Happy Squirrel Appreciation Day!
We have several feeders in our yard. They attract many squirrels. I often see at least eleven squirrels foraging for seeds, leaping for feeders, and arguing about who gets first dibs. There have been squirrels with distinct personalities, and some with notable characteristics. All of them have been fun. Our dogs love to chase them. Before letting the dogs out, we let the squirrels know it's time to head over or through the fence. The other day, one ran to the back of the yard and appeared to wait for our dog to chase it down. Just as the dog got close, the squirrel shook its tail and slipped through the fence. (Clever or stupid?)
A week or so ago, as I sat watching out my window this happened:
Title: Donut Feed the Squirrels
Author: Mika Song
Publisher: Random House Graphics, 2020
Themes: Friendship, Donuts, Squirrels
Ages: 4 - 9
Meet Norma and Belly. They are cute, funny, and clever squirrels.
As the story opens, we see where of Norma and Belly live. A small park in the middle of a neighborhood. There's a red truck pulling around the corner.
The first two pages:
Reading graphic novels is a bit like reading a picture book, so much of the story is told in the illustrations. As you can see from the opening spreads, there's only one word, but a lot happens in those first four panels. We begin to get a sense of who Norma is, where she lives, and that she is either calling her stomach or someone whose name is Belly.
When the pancakes burn, it's time to find something else for breakfast. Remember that red truck I described? Well . . . Donuts!
Read the book to find out about those donuts and what Norma and Belly do to get some breakfast.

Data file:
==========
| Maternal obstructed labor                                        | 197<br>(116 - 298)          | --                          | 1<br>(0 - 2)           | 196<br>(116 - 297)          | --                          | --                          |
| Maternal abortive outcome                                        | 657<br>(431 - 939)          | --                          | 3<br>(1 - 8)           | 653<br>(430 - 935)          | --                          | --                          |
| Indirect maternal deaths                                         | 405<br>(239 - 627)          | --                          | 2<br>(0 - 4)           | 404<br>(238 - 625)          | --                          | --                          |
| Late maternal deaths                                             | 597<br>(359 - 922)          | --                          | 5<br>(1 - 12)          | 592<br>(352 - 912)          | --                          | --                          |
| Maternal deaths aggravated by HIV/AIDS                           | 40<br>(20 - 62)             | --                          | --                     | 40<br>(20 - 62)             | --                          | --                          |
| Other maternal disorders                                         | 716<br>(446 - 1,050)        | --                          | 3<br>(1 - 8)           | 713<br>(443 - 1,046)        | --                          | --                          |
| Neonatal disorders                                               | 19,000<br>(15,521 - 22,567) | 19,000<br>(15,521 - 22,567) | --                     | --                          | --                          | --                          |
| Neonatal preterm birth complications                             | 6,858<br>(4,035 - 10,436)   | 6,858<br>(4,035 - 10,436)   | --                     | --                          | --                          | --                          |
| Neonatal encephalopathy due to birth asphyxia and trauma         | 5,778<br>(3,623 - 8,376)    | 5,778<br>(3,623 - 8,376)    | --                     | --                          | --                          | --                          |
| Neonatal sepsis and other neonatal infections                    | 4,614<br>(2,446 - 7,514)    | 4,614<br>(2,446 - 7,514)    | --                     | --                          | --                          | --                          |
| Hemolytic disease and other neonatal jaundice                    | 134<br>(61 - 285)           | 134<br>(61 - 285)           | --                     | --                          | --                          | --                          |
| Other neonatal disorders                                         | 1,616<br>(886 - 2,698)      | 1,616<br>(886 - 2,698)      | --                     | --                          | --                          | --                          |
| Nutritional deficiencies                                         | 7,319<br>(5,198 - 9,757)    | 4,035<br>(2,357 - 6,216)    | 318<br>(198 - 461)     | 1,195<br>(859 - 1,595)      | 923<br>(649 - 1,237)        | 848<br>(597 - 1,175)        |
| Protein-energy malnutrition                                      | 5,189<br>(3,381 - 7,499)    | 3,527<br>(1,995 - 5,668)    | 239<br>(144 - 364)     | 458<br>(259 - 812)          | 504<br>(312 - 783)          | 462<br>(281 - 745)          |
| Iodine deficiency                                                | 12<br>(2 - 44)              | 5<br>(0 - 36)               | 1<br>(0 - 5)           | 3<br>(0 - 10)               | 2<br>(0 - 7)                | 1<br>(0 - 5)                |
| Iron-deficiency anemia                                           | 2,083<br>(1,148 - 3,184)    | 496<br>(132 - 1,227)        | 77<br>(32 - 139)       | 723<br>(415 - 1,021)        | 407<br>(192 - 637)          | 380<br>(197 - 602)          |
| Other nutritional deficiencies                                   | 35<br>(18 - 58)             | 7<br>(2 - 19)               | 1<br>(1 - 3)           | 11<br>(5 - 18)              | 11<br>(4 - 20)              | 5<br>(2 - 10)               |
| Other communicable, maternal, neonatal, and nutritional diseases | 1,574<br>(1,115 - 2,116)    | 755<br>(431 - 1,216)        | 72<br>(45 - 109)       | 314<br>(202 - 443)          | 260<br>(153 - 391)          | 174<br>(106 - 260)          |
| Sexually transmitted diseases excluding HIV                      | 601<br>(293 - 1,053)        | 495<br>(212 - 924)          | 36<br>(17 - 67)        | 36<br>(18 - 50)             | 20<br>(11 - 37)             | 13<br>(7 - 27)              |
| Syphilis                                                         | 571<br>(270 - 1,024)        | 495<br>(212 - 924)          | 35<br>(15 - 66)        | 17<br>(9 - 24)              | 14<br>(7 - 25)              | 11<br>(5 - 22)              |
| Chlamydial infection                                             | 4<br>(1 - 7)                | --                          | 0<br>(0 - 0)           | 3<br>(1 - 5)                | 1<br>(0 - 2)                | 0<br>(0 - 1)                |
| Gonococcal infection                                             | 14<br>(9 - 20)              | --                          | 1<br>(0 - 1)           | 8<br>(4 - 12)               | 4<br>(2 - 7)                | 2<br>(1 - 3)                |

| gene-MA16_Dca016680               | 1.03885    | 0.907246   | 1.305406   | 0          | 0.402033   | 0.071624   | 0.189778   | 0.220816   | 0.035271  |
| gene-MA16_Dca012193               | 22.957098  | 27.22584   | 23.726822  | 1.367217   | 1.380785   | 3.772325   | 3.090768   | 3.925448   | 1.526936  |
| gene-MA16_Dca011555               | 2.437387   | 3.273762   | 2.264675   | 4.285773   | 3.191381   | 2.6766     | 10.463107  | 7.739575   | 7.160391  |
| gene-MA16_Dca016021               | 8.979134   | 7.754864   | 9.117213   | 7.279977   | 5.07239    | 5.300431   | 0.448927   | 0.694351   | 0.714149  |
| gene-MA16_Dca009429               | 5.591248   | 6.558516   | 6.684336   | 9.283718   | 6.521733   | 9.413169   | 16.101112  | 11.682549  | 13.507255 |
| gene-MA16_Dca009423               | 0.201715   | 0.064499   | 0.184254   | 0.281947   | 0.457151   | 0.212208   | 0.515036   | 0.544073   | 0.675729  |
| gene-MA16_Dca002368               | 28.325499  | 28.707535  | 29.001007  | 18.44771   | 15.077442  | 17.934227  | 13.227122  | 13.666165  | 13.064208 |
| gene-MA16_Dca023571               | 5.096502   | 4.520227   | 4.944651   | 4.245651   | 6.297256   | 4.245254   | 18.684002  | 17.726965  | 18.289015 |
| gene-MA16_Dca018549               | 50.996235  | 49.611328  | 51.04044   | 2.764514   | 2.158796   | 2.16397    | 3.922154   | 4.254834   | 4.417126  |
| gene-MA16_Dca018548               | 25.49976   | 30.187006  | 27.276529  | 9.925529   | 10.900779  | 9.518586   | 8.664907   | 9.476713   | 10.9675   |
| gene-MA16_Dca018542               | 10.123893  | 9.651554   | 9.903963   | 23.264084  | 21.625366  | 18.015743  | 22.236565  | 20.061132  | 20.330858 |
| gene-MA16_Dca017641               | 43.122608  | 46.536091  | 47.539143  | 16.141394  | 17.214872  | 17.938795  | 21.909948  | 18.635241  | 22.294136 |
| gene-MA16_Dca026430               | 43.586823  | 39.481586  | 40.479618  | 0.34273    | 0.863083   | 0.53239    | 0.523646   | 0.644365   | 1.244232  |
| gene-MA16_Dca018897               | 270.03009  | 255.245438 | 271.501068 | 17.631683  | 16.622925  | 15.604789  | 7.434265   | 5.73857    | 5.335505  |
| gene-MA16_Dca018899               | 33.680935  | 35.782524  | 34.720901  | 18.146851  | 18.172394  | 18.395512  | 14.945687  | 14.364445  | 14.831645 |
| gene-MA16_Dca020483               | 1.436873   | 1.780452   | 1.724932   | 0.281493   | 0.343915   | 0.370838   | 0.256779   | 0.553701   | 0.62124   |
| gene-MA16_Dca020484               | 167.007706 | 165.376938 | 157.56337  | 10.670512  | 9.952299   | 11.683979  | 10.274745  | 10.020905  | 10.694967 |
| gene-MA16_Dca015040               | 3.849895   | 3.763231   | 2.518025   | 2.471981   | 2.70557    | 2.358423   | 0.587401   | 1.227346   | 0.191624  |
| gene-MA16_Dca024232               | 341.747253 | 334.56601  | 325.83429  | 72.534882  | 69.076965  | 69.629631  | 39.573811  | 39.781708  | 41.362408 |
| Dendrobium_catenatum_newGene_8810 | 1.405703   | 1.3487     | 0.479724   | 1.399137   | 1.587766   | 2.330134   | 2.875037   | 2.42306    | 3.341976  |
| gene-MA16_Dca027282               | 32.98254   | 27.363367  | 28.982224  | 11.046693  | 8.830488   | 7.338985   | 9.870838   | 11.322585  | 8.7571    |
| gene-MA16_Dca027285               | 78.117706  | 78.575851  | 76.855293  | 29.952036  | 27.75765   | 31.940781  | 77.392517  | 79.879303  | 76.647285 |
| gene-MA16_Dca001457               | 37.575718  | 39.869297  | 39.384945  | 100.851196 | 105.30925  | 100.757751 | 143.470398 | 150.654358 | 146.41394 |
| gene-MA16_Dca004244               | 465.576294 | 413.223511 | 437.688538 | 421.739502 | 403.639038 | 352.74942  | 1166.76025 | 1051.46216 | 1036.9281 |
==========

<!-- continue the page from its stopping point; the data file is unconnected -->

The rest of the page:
Mika's art is drawn with pencils, sumi brushes, sumi ink, and watercolors on watercolor paper.
Information, Resources, and Activities
Graphic novels may seem like the fast paced, you don't have to do much reading kind of book, but I find, they take me a while to read because I'm reading not only the words but also the pictures to understand the whole story.
Reading pictures allows a person to be a part of the story. The reader must come up with language in their minds to pull everything together.
When I was a librarian, I loved watching pre-readers read a picture book. You could always tell the kids who had been to storytime. They often held the book as if they were reading to an audience and they would proceed to tell the story that they saw in the images. It was a glorious sight. Their love of story, their imagination, and their moment of theatre were all a form of reading. One that would grow as they gained new vocabulary, and were able to make sense of the hieroglyphics that created words.
Some kids, like me, loved stories, but struggled to stay focused for all the black and white on a page. The call of a sunny day or a squirrel running past a window, were easy distractions. Graphic novels with their mixture of images and words, provide eye candy and pacing that help me stay focused.
For some kids whose first language is not English, graphic novels can help them make sense of words without having to look the words up or ask for help all the time.
For kids who see the world in pictures, it gives them the visuals that hold their attention.
In our fast paced world, the pace of a graphic novel can be fast, but somehow it is also slow and lingering. The illustrations and the story bring me back over and over again. They introduce us to art, imagination, and creativity.
Draw a squirrel or two or three or a dozen. As you can see from my comic and the book, squirrels are pretty easy to draw. What do your squirrels look like? What are their names
Where do they live? What do they like to eat? What challenges do they have? Whose their best friend?
Make your own comic.
Learn more about Squirrel Appreciation Day
Learn more about squirrels.
Norma and Belly have a new book coming out in June. Don't miss APPLE OF MY PIE.